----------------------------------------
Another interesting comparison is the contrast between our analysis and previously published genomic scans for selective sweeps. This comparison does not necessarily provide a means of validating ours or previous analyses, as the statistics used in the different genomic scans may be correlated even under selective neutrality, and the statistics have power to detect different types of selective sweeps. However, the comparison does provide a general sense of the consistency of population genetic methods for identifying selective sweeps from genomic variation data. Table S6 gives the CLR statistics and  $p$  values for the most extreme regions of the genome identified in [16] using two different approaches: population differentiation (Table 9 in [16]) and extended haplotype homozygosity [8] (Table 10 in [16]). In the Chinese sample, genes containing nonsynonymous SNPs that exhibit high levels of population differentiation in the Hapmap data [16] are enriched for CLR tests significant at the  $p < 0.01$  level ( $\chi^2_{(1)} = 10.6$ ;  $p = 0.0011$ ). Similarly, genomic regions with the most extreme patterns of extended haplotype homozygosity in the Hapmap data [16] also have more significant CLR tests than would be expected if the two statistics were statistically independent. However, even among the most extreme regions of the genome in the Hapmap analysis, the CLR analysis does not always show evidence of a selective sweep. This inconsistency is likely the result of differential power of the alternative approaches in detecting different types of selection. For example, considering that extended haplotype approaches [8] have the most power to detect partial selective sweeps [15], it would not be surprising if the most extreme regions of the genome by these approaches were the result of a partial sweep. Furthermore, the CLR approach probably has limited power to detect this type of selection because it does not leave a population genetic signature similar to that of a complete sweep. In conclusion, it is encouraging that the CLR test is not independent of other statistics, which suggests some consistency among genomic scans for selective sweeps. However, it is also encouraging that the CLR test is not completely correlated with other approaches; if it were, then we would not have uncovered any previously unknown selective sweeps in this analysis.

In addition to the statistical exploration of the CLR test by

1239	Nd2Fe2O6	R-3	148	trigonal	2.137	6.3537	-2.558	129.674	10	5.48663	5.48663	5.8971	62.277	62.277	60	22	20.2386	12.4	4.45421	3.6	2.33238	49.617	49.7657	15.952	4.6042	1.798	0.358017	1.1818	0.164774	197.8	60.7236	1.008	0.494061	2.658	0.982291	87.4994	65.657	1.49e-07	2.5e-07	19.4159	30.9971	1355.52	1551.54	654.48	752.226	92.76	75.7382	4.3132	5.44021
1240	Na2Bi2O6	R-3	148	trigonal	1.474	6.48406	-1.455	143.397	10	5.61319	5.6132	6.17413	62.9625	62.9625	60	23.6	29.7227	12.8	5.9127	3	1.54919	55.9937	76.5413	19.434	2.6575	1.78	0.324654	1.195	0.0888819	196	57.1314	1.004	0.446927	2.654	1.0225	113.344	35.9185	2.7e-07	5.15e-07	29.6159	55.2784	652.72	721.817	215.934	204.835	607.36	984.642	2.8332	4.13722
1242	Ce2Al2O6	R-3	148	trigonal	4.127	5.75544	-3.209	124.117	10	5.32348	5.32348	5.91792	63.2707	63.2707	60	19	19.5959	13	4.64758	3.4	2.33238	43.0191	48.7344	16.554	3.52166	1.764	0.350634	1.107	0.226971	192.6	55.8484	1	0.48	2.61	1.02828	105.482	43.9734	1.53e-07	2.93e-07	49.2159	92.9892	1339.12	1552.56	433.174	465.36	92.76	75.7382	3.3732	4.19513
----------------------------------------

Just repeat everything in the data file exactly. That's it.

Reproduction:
Another interesting comparison is the contrast between our analysis and previously published genomic scans for selective sweeps. This comparison does not necessarily provide a means of validating ours or previous analyses, as the statistics used in the different genomic scans may be correlated even under selective neutrality, and the statistics have power to detect different types of selective sweeps. However, the comparison does provide a general sense of the consistency of population genetic methods for identifying selective sweeps from genomic variation data. Table S6 gives the CLR statistics and  $p$  values for the most extreme regions of the genome identified in [16] using two different approaches: population differentiation (Table 9 in [16]) and extended haplotype homozygosity [8] (Table 10 in [16]). In the Chinese sample, genes containing nonsynonymous SNPs that exhibit high levels of population differentiation in the Hapmap data [16] are enriched for CLR tests significant at the  $p < 0.01$  level ( $\chi^2_{(1)} = 10.6$ ;  $p = 0.0011$ ). Similarly, genomic regions with the most extreme patterns of extended haplotype homozygosity in the Hapmap data [16] also have more significant CLR tests than would be expected if the two statistics were statistically independent. However, even among the most extreme regions of the genome in the Hapmap analysis, the CLR analysis does not always show evidence of a selective sweep. This inconsistency is likely the result of differential power of the alternative approaches in detecting different types of selection. For example, considering that extended haplotype approaches [8] have the most power to detect partial selective sweeps [15], it would not be surprising if the most extreme regions of the genome by these approaches were the result of a partial sweep. Furthermore, the CLR approach probably has limited power to detect this type of selection because it does not leave a population genetic signature similar to that of a complete sweep. In conclusion, it is encouraging that the CLR test is not independent of other statistics, which suggests some consistency among genomic scans for selective sweeps. However, it is also encouraging that the CLR test is not completely correlated with other approaches; if it were, then we would not have uncovered any previously unknown selective sweeps in this analysis.

In addition to the statistical exploration of the CLR test by

1239	Nd2Fe2O6	R-3	148	trigonal	2.137	6.3537	-2.558	129.674	10	5.48663	5.48663	5.8971	62.277	62.277	60	22	20.2386	12.4	4.45421	3.6	2.33238	49.617	49.7657	15.952	4.6042	1.798	0.358017	1.1818	0.164774	197.8	60.7236	1.008	0.494061	2.658	0.982291	87.4994	65.657	1.49e-07	2.5e-07	19.4159	30.9971	1355.52	1551.54	654.48	752.226	92.76	75.7382	4.3132	5.44021
1240	Na2Bi2O6	R-3	148	trigonal	1.474	6.48406	-1.455	143.397	10	5.61319	5.6132	6.17413	62.9625	62.9625	60	23.6	29.7227	12.8	5.9127	3	1.54919	55.9937	76.5413	19.434	2.6575	1.78	0.324654	1.195	0.0888819	196	57.1314	1.004	0.446927	2.654	1.0225	113.344	35.9185	2.7e-07	5.15e-07	29.6159	55.2784	652.72	721.817	215.934	204.835	607.36	984.642	2.8332	4.13722
1242	Ce2Al2O6	R-3	148	trigonal	4.127	5.75544	-3.209	124.117	10	5.32348	5.32348	5.91792	63.2707	63.2707	60	19	19.5959	13	4.64758	3.4	2.33238	43.0191	48.7344	16.554	3.52166	1.764	0.350634	1.107	0.226971	192.6	55.8484	1	0.48	2.61	1.02828	105.482	43.9734	1.53e-07	2.93e-07	49.2159	92.9892	1339.12	1552.56	433.174	465.36	92.76	75.7382	3.3732	4.19513